But post-March 2008, many in the party now realise that there is a realistic chance of being elected and have been jockeying to make the candidate list. Its currently concluding party elections were pretty much an informal primary to see who has the tacit approval of party grassroots to run in the next general elections.

Ceding seats, especially in prime Klang Valley locations where, no doubt, the Third Force calls its home, will not go down well with ambitious party members. How successful will the Third Force then be outside this stronghold? Further, PR defectors for the most part did not come from such seats, the exception being Wee Choo Keong (Wangsa Maju).

If the Third Force truly wants to form a buffer against defections — and we are assuming here that its candidates are in fact less “pliable” than those that PKR might have gathered. Now that running for the opposition has become more viable, PKR will have a better crop to pick from — it should target non-urban seats.

We can couple this question together with the scenario where PKR tells the Third Force to remain as it is, a lobby group that campaigns for reform and ostensibly, for PKR since this party has been built on the whole “reformasi” spiel. Basically, it boils down to whether the Third Force candidates win seats on their own strength. They will need to if they have to contest seats that PKR is unsure of winning and also if they run as independents.

The answer is no. As much as it claims credit for the landmark 2008 general elections, this was more due to the structures of the first-past-the-post system (FPTP). General discontent with the Tun Abdullah Badawi administration was a good place to build from, Hindraf added a good number of voters, and so did the Third Force, tipping many swing seats towards PR. Everyone then claimed to be kingmakers and it’s true, but they did it together. Separately, however, they remain pawns.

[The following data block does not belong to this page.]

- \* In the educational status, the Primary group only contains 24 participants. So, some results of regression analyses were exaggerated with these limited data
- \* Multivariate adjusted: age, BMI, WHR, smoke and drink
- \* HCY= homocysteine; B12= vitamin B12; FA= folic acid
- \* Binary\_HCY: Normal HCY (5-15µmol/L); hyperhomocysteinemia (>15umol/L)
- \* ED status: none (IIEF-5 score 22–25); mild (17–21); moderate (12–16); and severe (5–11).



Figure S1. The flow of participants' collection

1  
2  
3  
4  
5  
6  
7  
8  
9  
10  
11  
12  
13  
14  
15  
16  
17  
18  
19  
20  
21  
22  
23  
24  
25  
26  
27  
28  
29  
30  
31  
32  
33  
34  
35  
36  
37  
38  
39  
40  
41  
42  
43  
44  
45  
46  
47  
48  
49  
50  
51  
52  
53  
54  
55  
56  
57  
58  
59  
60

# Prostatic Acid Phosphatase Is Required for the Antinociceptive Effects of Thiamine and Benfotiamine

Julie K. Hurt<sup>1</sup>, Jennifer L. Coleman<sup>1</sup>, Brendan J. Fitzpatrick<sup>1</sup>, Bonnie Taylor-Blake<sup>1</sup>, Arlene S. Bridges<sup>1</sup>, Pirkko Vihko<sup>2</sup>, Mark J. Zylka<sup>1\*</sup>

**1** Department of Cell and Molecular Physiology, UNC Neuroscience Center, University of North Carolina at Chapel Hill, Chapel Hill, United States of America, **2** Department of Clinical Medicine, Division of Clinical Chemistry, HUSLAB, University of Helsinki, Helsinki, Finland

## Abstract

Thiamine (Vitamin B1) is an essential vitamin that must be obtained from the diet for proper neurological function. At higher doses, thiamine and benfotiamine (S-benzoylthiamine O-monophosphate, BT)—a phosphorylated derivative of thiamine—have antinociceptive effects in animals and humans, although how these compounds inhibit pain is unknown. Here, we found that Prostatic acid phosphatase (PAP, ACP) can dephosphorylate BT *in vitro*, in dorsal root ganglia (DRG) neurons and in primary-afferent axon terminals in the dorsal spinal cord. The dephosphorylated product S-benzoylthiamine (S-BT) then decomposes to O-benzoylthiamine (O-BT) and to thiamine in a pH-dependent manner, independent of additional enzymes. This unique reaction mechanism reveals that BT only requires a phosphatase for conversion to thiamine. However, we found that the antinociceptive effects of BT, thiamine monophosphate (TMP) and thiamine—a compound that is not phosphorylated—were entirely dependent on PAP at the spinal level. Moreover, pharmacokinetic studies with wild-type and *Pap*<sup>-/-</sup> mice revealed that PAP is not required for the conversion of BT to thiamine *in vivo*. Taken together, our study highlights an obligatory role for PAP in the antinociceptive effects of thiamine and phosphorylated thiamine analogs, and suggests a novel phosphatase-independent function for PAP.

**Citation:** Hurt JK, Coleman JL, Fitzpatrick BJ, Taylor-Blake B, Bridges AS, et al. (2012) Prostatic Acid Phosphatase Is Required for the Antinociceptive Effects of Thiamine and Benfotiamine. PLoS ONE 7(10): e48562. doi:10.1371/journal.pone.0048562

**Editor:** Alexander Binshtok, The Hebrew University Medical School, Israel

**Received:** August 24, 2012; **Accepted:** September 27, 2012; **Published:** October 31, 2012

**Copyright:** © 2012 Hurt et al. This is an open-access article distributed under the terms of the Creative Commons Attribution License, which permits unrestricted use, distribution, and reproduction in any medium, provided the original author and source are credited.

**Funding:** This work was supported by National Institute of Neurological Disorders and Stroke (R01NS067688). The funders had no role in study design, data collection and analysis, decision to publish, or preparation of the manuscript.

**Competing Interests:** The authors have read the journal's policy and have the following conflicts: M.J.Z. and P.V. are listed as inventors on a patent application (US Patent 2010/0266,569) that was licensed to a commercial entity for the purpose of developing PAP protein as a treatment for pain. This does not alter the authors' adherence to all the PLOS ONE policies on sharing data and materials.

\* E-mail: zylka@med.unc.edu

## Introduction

The reason I began this column the way I did is to remind members of the Third Force that the publicity they are getting and have been getting does not automatically translate to electoral support. The same applies for Perkasa et al. The media is a long way from being proven as deterministic. Its efficacy as a product is one thing — it provides information of interest — but its effect on behaviour is still in question.

Further, if they do create three-way battles in urban seats, this will only divide the “anything but Barisan Nasional (BN)” voter base. Where PR might have won with slim majorities, BN will run away with a plurality (less than 50 per cent of votes but more than other candidates).

Away from urban areas, the Third Force’s influence ebbs and they stand even less of a chance of challenging BN than PKR candidates do. Observers are not talking about whether it can win seats in these situations but whether they will lose their deposits.